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2020 Diversity & Inclusion: Diversity in Health Care – The Key to Better Health Outcomes in Minority Communities

To improve health outcomes and reduce health disparities, it is critical for the health care industry to be as diverse as the population it serves. Unfortunately, that is not the case in the United States. For example, Hispanics make up more than 18 percent of the population, but just six percent of physicians. African Americans make up more than 13 percent of the population in the United States, but account for fewer than five percent of the physicians.

So why does this matter?

Lack of diversity in health care is a problem. It is linked to poor health outcomes in minority communities. An African American woman with breast cancer is 67 percent more likely to die from the disease than a white woman. Hispanic and African American youth are at greater risk of dying from diabetes than whites. Creating a more diverse health care work force is one way to tackle these health disparities.

Studies have shown that greater diversity among health professionals is associated with improved access to care, greater patient satisfaction, and better patient-provider communication. It’s understandable that people might feel more comfortable seeing physicians who share their language, racial or cultural background. That comfort level can be what ensures that people seek regular medical care, and don’t wait until they are forced into emergency care.

In 2018, L.A. Care Health Plan launched Elevating the Safety Net, a $155 million, five-year initiative to recruit highly qualified primary care physicians (PCPs) into the Los Angeles County safety net. The initiative was prompted by a growing PCP shortage – a shortage that is worse in low-income and minority communities. Safety net clinics and practices often have a difficult time competing against universities and major health systems which can pay more.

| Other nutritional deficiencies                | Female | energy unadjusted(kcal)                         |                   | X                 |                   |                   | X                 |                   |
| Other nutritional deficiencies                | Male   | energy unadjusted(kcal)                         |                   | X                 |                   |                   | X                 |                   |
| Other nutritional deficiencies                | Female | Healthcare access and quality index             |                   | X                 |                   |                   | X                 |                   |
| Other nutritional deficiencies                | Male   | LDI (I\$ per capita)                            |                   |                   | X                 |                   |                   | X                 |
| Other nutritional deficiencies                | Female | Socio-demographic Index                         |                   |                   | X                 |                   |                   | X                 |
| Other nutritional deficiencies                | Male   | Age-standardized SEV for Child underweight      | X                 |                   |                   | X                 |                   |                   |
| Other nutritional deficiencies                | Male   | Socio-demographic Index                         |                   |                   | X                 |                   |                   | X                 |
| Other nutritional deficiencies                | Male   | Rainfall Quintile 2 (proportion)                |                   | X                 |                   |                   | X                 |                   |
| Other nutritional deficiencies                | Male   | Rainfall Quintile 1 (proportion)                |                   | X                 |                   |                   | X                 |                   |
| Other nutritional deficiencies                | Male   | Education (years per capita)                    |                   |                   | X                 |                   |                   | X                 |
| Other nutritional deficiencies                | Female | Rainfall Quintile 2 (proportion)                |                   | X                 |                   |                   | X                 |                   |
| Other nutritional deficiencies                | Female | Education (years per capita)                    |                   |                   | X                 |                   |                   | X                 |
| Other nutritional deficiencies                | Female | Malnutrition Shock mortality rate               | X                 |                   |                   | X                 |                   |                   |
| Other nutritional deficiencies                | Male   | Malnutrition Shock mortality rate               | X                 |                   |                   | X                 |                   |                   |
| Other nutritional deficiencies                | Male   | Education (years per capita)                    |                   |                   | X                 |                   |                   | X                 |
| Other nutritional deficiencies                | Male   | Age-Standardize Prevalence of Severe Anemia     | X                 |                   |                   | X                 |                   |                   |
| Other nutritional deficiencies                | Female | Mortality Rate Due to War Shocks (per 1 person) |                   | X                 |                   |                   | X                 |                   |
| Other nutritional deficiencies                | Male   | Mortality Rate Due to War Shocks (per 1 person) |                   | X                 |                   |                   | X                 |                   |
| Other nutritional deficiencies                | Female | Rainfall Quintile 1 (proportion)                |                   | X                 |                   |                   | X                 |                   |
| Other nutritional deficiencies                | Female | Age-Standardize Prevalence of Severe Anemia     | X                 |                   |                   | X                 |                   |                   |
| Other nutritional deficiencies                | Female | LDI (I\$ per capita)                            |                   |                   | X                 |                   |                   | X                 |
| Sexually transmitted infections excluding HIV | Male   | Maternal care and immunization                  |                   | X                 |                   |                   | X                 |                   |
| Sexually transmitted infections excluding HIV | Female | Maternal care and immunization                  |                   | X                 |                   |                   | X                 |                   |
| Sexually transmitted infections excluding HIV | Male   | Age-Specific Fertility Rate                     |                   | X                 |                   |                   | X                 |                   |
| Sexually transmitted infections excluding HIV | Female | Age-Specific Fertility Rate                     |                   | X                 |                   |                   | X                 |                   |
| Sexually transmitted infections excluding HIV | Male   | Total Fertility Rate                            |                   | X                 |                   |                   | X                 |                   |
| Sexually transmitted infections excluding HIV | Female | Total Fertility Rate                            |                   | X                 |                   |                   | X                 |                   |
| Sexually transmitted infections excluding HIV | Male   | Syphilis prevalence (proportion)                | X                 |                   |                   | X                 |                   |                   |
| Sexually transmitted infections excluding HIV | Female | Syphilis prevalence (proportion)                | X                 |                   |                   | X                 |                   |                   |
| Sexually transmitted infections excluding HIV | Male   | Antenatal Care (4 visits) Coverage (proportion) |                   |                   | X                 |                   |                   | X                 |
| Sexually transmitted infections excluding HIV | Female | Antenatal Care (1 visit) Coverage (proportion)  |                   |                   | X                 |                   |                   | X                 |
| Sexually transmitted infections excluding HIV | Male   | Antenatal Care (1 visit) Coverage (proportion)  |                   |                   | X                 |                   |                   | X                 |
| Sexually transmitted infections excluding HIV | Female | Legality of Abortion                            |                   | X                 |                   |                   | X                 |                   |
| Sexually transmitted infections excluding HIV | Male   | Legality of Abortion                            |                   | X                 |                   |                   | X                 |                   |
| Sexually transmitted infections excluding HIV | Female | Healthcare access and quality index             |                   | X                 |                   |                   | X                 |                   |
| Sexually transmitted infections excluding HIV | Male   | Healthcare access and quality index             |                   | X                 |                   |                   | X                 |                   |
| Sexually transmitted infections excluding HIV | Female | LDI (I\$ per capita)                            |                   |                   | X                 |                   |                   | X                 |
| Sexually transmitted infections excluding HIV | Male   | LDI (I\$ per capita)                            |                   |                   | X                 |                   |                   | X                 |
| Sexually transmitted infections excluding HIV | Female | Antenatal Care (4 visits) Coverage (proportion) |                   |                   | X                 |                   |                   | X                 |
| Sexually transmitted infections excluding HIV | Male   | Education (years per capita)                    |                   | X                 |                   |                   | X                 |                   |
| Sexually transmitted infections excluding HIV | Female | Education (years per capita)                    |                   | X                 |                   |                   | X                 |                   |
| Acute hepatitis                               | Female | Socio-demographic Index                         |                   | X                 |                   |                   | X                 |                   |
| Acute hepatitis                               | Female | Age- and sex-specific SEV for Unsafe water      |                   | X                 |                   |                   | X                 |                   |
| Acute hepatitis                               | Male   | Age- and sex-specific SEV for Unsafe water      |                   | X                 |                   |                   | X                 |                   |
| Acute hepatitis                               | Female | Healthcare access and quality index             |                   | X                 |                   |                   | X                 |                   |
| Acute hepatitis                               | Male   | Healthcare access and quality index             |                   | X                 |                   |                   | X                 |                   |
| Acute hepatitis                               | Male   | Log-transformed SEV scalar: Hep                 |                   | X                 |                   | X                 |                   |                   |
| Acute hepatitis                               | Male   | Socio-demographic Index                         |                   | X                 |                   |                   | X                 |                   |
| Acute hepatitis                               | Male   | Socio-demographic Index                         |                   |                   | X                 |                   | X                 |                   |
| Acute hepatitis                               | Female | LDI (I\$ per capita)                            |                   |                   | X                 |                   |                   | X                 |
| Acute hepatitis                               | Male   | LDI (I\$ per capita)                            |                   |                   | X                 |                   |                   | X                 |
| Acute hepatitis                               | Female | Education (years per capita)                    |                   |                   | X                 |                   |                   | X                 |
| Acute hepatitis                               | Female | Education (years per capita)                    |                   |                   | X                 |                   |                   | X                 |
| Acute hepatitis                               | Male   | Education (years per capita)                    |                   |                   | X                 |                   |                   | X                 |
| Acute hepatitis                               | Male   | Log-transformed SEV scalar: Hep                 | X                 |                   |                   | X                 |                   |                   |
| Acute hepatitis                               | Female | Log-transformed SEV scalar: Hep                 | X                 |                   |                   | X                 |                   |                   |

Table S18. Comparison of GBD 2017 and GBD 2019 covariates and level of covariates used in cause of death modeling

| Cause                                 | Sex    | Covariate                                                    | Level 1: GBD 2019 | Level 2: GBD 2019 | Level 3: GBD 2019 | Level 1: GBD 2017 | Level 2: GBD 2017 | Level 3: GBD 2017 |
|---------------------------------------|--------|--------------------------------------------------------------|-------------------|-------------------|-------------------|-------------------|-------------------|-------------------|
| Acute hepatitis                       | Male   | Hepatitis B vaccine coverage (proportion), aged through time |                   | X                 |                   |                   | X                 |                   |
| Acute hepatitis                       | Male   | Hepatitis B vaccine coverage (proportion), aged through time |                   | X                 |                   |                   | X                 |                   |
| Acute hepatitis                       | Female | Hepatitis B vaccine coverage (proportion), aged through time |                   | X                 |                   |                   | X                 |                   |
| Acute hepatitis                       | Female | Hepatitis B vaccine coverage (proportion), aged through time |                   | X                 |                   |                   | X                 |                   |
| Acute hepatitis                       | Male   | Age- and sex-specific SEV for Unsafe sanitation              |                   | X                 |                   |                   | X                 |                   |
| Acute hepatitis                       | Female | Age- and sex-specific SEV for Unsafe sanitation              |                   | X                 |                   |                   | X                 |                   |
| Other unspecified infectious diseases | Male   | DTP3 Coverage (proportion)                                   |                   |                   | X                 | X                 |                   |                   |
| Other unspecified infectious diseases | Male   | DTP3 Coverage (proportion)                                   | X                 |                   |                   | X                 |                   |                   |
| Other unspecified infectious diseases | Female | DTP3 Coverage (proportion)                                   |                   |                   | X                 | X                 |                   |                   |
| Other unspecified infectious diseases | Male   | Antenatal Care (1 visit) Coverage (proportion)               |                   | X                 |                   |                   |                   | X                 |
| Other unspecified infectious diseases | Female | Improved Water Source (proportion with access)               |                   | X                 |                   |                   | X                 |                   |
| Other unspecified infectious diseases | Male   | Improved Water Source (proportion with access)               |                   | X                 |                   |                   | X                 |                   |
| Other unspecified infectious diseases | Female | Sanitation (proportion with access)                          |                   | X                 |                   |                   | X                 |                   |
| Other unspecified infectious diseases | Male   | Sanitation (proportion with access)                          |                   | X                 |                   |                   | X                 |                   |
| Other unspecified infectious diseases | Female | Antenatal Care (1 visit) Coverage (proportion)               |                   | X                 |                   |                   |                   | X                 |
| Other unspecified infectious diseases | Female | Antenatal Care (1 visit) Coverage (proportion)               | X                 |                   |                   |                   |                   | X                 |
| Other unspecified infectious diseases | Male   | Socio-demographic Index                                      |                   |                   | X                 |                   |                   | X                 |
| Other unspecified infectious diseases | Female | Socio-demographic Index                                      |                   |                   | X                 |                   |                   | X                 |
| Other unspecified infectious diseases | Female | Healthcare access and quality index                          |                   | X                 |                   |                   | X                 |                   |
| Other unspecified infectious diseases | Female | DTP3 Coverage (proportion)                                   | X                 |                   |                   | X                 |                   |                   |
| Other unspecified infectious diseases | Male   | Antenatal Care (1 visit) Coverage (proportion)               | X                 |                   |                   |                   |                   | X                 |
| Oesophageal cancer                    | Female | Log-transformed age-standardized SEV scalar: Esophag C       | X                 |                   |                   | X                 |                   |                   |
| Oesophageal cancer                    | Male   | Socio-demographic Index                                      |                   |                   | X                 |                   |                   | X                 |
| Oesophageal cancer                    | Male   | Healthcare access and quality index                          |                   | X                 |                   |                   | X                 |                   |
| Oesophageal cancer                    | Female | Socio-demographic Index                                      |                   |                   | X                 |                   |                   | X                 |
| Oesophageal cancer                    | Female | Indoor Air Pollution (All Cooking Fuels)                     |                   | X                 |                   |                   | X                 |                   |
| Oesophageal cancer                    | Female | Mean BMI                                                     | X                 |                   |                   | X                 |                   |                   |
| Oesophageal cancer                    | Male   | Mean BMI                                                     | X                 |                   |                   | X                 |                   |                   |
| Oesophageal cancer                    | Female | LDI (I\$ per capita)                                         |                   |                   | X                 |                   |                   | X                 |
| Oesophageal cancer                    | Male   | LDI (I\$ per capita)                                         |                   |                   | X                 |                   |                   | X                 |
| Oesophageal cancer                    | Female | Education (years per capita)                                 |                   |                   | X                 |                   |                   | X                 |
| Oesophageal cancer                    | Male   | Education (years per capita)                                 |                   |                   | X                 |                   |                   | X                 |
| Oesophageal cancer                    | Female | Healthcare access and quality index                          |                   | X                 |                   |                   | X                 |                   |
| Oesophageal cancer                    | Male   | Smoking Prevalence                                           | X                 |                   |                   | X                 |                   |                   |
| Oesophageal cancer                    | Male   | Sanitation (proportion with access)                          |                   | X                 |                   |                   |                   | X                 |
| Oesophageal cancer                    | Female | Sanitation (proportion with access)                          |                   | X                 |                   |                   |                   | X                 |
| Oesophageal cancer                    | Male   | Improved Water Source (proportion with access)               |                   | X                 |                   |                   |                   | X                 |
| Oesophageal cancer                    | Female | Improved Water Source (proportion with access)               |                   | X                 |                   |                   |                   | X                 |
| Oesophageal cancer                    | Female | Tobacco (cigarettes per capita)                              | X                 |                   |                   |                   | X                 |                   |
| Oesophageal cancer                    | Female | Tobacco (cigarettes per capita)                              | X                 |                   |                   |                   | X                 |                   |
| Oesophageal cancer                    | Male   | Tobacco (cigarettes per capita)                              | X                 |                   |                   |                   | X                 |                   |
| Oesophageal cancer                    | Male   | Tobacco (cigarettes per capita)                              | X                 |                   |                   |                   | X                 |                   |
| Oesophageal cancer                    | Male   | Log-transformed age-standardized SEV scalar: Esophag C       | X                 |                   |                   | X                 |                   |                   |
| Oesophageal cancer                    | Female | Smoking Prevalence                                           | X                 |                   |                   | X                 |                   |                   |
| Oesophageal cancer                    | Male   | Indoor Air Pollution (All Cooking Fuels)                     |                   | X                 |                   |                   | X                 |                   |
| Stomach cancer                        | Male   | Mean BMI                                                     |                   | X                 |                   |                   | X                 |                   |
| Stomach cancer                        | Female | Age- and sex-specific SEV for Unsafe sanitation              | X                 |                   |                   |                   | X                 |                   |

L.A. Care’s initiative gives safety net facilities a fighting chance. The initiative offers grants to clinics and practices to use for salary subsidies, sign-on bonuses, and/or relocation costs to recruit new physicians to the Los Angeles County safety net. It offers loan repayment grants to those new physicians to relieve medical school debt. Since its launch, 73 new physicians have been recruited into the county’s safety net, and nearly half are minorities.

Each year, Elevating the Safety Net also provides eight full medical school scholarships to students who have expressed a desire to work in underserved communities. Our partners at the David Geffen School of Medicine at UCLA and the Charles R. Drew University of Medicine and Science have done an excellent job finding those students. To date, we have awarded 16 full scholarships to a diverse group of students, including seven Hispanics and three African Americans. Knowing that such a scholarship exists could make the difference between a minority student even deciding to apply for medical school.

Racial and ethnic minority health care providers are more likely than their white peers to serve minority and other underserved communities, but medical school debt often keeps them from following their dreams. The scholarship program relieves that debt, and several of our scholars have specifically said it has freed them from having to choose a job whose chief purpose is to pay off medical school debt.

Another thing that would help minority physicians work in the Los Angeles County safety net is completing their residency in that safety net. Physicians often stay in the community where their residency occurred. For that reason, L.A. Care has added a Residency Support Program to the Elevating the Safety initiative. Last year, we committed more than $5 million dollars to create 14 new residency slots at five facilities in Los Angeles County.

It will take innovative initiatives like Elevating the Safety Net to make a difference in building diversity in health care. L.A. Care is proud to be on the front lines of the effort.

John Baackes is CEO of L.A. Care Health Plan.

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